Normal or not ?[edit]

Currently the article allows the noise process \varepsilon to be non-normal, as long as it has finite mean and variance. But the article also says that X_t is normally distributed "by the central limit theorem". This is not true surely? If \varepsilon is not normal then X is not normal either. And if \varepsilon is normal then so is X (but not by the central limit theorem). Fathead99 (talk) 10:37, 13 February 2008 (UTC)

stationarity vs. invertability[edit]

stationarity & invertability should be explained in the article. Jackzhp (talk) 20:21, 11 March 2008 (UTC)

Box Jenkins method[edit]

Box-Jenkins method to identify the p & q of the ARMA(p,q) should be explained in the article. Jackzhp (talk) 23:40, 20 March 2008 (UTC)


So what is an autoregressive moving average model??[edit]

Even though Wikipedia is not a dictionary, articles should begin with a definition and description of a subject, they should provide other types of information about that subject as well. Maybe someone can add a few non-mathematical words that explain what this article is about. http://en.wikipedia.org/wiki/Wikipedia:What_Wikipedia_is_not#Wikipedia_is_not_a_manual.2C_guidebook.2C_or_textbook —Preceding unsigned comment added by 80.101.105.19 (talk) 14:01, 19 June 2008 (UTC)

ARMA is defined as being a Box-Jenkins model. A Box-Jenkins model is described in terms of being an ARMA model. An uncomfortable circular definition. Thangalin (talk) 21:06, 3 June 2010 (UTC)

See also: http://riskinstitute.ch/00010444.htm Thangalin (talk) 21:07, 3 June 2010 (UTC)

Autocorrelation or Autocovariance?[edit]

In the Derivation section it is stated:

Now, E[XtXt − m] = γm by definition of the autocorrelation function.

Is that not wrong? Isn't it the autocovariance function. Phunck (talk) 08:35, 27 June 2008 (UTC)

it is autocovariance strictly speaking but (unfortunately) in the literature the terms autocorrelation and autocovariance are alertanively used. EtudiantEco (talk) 09:17, 18 October 2008 (UTC)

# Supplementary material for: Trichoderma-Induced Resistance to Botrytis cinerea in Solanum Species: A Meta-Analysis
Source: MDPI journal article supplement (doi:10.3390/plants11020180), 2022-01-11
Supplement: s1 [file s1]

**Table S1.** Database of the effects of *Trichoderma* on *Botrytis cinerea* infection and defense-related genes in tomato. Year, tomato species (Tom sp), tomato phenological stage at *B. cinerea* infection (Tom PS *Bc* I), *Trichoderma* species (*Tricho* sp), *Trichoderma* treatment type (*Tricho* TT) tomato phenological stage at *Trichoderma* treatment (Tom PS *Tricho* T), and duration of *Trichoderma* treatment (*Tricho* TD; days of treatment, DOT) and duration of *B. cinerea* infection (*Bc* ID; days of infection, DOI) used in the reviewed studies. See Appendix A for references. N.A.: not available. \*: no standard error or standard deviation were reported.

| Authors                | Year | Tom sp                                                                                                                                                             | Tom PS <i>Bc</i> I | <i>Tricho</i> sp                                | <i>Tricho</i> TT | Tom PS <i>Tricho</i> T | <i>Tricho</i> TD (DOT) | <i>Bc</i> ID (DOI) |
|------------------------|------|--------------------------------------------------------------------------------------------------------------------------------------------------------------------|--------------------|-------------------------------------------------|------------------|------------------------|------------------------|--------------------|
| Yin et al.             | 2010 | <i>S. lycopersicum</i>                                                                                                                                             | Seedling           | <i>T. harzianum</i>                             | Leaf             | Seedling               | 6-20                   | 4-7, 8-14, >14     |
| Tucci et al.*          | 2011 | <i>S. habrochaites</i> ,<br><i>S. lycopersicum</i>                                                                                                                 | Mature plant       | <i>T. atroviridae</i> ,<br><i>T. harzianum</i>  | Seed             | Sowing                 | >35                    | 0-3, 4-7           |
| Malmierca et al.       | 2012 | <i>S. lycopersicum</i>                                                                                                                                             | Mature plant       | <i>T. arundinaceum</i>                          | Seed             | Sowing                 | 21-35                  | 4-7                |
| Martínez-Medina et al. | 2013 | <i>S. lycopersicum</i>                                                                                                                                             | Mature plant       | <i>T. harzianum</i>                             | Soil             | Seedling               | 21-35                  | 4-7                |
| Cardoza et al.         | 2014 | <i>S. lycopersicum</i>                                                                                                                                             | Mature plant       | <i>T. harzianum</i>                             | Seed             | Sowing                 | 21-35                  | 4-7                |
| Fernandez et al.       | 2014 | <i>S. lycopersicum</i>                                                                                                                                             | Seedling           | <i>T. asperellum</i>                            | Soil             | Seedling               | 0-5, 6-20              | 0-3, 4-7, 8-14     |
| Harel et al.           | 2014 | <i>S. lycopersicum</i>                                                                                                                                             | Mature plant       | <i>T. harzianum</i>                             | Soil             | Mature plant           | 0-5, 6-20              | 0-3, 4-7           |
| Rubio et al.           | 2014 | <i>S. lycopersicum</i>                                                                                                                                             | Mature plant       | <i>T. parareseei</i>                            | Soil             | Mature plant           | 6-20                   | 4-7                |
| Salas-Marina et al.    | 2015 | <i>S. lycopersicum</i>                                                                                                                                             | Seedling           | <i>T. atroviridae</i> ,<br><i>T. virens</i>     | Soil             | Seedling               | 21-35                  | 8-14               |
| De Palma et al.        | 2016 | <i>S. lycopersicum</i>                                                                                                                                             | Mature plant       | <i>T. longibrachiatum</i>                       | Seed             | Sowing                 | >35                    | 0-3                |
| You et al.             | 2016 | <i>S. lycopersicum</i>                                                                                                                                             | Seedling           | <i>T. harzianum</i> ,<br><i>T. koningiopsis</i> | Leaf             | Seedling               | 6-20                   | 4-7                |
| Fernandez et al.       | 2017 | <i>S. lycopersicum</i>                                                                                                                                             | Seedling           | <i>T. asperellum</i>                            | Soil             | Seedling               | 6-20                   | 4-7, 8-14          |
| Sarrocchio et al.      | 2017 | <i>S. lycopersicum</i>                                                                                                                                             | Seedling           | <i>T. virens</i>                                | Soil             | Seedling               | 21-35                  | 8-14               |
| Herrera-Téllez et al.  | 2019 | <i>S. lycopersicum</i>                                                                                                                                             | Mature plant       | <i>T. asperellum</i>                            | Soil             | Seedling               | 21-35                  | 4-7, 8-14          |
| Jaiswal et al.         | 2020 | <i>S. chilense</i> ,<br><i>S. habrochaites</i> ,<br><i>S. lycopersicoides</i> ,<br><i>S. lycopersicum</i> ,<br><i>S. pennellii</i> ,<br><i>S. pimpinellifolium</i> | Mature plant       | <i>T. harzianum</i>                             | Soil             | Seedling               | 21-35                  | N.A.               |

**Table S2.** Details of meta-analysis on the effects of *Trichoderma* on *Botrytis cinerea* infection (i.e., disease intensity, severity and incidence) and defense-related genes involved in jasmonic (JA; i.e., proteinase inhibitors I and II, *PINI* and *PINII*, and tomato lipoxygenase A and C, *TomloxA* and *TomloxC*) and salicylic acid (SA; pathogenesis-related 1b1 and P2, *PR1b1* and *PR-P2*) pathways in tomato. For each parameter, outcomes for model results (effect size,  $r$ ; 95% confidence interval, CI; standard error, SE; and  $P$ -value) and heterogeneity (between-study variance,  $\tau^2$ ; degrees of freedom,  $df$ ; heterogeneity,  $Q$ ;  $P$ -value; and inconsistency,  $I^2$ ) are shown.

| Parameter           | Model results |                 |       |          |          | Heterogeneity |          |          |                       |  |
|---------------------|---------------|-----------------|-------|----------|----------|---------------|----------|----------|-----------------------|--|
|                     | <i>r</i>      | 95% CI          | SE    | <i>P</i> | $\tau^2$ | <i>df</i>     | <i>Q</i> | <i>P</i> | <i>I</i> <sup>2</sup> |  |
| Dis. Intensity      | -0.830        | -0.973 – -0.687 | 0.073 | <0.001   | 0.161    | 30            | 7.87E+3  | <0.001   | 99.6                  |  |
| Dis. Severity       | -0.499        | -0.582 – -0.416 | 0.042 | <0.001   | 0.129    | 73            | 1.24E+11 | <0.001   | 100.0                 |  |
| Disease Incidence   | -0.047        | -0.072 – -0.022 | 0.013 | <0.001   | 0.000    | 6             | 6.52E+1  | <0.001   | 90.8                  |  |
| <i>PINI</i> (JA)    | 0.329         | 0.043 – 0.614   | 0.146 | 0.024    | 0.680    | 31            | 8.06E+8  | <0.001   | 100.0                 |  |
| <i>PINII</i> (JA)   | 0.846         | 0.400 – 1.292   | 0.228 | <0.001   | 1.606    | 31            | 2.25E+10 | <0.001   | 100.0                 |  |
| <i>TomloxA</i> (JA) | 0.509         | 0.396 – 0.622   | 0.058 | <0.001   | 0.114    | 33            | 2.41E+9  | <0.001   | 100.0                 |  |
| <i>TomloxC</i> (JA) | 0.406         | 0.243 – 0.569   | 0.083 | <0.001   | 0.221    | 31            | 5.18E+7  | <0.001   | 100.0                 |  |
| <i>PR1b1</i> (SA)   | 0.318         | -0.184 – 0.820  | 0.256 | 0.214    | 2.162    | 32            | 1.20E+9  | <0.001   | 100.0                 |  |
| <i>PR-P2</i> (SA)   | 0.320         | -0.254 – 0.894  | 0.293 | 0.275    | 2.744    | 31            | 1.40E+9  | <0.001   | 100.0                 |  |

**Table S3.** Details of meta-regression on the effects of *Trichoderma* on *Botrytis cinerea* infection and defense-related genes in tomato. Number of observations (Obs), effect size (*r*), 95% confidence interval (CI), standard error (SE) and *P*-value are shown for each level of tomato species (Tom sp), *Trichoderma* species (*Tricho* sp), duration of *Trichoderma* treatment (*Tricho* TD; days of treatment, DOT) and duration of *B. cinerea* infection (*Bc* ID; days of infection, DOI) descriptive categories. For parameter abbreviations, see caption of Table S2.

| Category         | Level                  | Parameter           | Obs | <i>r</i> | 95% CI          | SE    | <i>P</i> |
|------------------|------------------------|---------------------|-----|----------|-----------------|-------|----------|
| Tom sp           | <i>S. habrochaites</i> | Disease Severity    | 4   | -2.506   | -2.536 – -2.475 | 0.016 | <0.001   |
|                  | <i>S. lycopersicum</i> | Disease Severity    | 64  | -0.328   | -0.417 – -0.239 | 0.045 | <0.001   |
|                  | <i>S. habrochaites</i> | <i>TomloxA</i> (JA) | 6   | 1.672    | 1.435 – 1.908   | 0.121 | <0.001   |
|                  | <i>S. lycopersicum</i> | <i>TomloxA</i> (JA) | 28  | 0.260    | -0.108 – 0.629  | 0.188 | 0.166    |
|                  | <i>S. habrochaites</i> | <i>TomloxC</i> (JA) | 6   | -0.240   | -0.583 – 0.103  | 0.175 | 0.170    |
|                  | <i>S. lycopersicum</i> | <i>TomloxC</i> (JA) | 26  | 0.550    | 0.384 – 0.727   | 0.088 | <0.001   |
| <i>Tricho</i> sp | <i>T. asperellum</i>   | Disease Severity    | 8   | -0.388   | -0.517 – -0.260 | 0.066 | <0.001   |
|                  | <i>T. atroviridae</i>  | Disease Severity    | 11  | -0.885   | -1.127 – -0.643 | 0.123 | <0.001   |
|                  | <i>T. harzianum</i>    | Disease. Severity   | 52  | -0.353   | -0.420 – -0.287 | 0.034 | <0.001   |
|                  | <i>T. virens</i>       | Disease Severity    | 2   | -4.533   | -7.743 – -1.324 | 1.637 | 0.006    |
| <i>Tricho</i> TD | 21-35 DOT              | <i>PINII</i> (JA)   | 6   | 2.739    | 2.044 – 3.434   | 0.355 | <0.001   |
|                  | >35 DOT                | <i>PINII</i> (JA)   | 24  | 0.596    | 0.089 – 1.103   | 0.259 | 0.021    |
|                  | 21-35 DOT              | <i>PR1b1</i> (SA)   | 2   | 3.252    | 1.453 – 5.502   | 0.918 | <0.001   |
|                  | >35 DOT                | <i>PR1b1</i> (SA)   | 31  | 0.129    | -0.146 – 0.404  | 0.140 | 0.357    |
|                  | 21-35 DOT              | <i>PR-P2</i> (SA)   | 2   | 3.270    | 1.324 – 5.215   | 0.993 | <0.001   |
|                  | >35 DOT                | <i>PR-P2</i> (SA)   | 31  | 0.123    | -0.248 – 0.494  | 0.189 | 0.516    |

Example for AR(1)[edit]

The part about the variance says :

\textrm{var}(X_t)=E(X_t^2)-\mu^2=\frac{(c+\varphi\mu)^2+\sigma^2-\mu^2}{1-\varphi^2}.

For c = 0, \mu = 0 and its variance amounts to \sigma^2/(1-\varphi^2).

But since

\mu=\frac{c}{1-\varphi}

then  c+\varphi\mu = \mu so the variance equals \sigma^2/(1-\varphi^2) ,regardless of the value of c and \mu So we should remove that condition. —Preceding unsigned comment added by 209.5.96.146 (talkcontribs) 15:44, 29 July 2008 UTC

You're absolutely right and thanks for pointing this out. I have corrected the article. In the future, feel free to make such corrections yourself, that's the whole point of Wikipedia. --Zvika (talk) 17:50, 29 July 2008 (UTC)


Matrix equation[edit]

Hello everyone. Great article! Now, in the calculation of the AR parameters section, we see a matrix equation with \gamma_i terms in it. What do these gammas mean? Robinh (talk) 08:44, 1 August 2008 (UTC)

"\gamma_m is the autocorrelation function of X" (from the article) --Zvika (talk) 12:20, 1 August 2008 (UTC)

Update on MATLAB's capabilities[edit]

Good article!

MATLAB's Econometrics Toolbox provides greatly expanded support for working with ARMA, ARMAX, and even VARMA models, much more than this article gives credit for. More info can be found here.